By Anne Blythe
As lawmakers ponder whether to expand Medicaid to add some 600,000 more people to the rolls, the North Carolina Oral Health Collaborative is looking at a different aspect of the federal- and state-sponsored insurance program.
Nearly a year ago, North Carolina transformed its Medicaid program from a fee-for-service-based plan to a system managed by private insurers.
The oral health portion of the program, however, was not part of the Medicaid transformation. It is still managed by the state.
Zachary Brian, director of the North Carolina Oral Health Collaborative and vice president of impact, strategy and programs at the Foundation for Health Leadership and Innovation, said recently in a telephone interview that his organization has partnered with the North Carolina Institute of Medicine and The Duke Endowment to launch the Oral Health Transformation Initiative. (Disclosure: The Duke Endowment is a NC Health News sponsor).
In July, a task force with members from diverse vantages in oral health care delivery will begin a year-long process in which members consider whether oral health care provided through Medicaid should remain a fee-for-service program or be overseen by private insurers.
“The traditional fee-for-service payment system incentivizes costly, more invasive procedures,” Brian contended while announcing the joint initiative.
“Nationally, we see a movement in remodeling our health care delivery system in many ways,” Michelle Ries, associate director of the North Carolina Institute of Medicine, added in the same video announcing the initiative. “As North Carolina has moved to managed care for primary health care and behavioral health services, we believe we owe it to the consumer and provider communities to thoroughly look at the current landscape for oral health and make recommendations based on an analysis of what other states are doing and lessons learned from the rollout of Medicaid managed care so far in North Carolina.”
For too long, many public health advocates say, oral health care has been in a silo, of sorts, the mouth separated from the body. This is increasingly out of step with the systemic “whole-body” approach being advocated for more recently.
A look into someone’s mouth can reveal evidence of heart disease, cancer, autoimmune syndromes, viruses, diabetes and gastrointestinal problems.
Public health advocates say that integrating oral health care with primary care could not only make many communities and populations healthier but also reduce costs. People who do not have routine access to dental care often end up in emergency rooms with toothaches or infections in the oral cavity. Those visits can be far more costly for the patient, the provider and the insurer.
Many communities in North Carolina face challenges accessing “optimal oral health care,” according to the Oral Health Collaborative.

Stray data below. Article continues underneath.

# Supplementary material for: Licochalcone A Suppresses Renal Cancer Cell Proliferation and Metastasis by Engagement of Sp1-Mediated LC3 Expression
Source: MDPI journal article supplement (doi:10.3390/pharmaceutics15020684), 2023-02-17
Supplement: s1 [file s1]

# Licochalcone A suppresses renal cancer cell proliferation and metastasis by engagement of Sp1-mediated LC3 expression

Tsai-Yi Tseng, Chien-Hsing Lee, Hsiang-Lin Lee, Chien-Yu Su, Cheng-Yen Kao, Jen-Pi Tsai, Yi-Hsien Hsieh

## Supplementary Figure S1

Four counties in North Carolina do not have a regularly practicing dentist, according to data collected from 2020 by the Cecil G. Sheps Center for Health Services Research. They’re in the northeastern tip of the state — Camden, Gates, Hyde and Tyrrell counties.
Will more dentists participate?
The collaborative says roughly 35 percent of the dentists in North Carolina participate in Medicaid or the Children’s Health Insurance Program, or CHIP as it’s often called.
Dave Richard, head of Medicaid at the state Department of Health and Human Services, said his office puts that number closer to 40 percent.
Nonetheless, that number can pose a challenge for children and adults in need of care, often in the state’s rural reaches, public health care advocates note. Only 18 percent of adult Medicaid recipients in North Carolina use the dental care option, according to the collaborative’s statistics.
Richard said that in 2021, the state’s fee-for-service Medicaid oral health program paid $24 million in claims for children in the CHIP program. The program paid $300 million for children ages 6 to 20 in the Medicaid program, and $104 million for adults 21 and older.
Richard took no stance on whether it would be better to shift the oral health program to managed care or keep it as a fee-for-service program.
Instead, he posed several questions.
“What value add would you bring if you move to managed care?” Richard asked. He also wondered whether the state would lose or gain more dentists through such a shift.
That’s what the task force plans to study over the next year with hopes of delivering a report and potential series of recommendations for a reimagined oral health care system. Their goal is to get something that policymakers and lawmakers can have to review in time to decide whether the state should make the shift before the next contracts are negotiated in 2024.
“So often we don’t have the opportunity to really slow down and take a year, 18 months and dig in and engage with other states and engage with experts and really bring people to the table,” Stacy Warren, program officer for The Duke Endowment, said when the initiative was announced.
“We can’t just fund a lot of programs,” she said, although she said that’s actually happening. “We fund school-based oral health programs. We fund medical-dental integration programs, but what we’ve learned and the North Carolina Oral Health Collaborative has certainly helped teach us this over the years, is that these programs can’t exist successfully in isolation of true systems change.”
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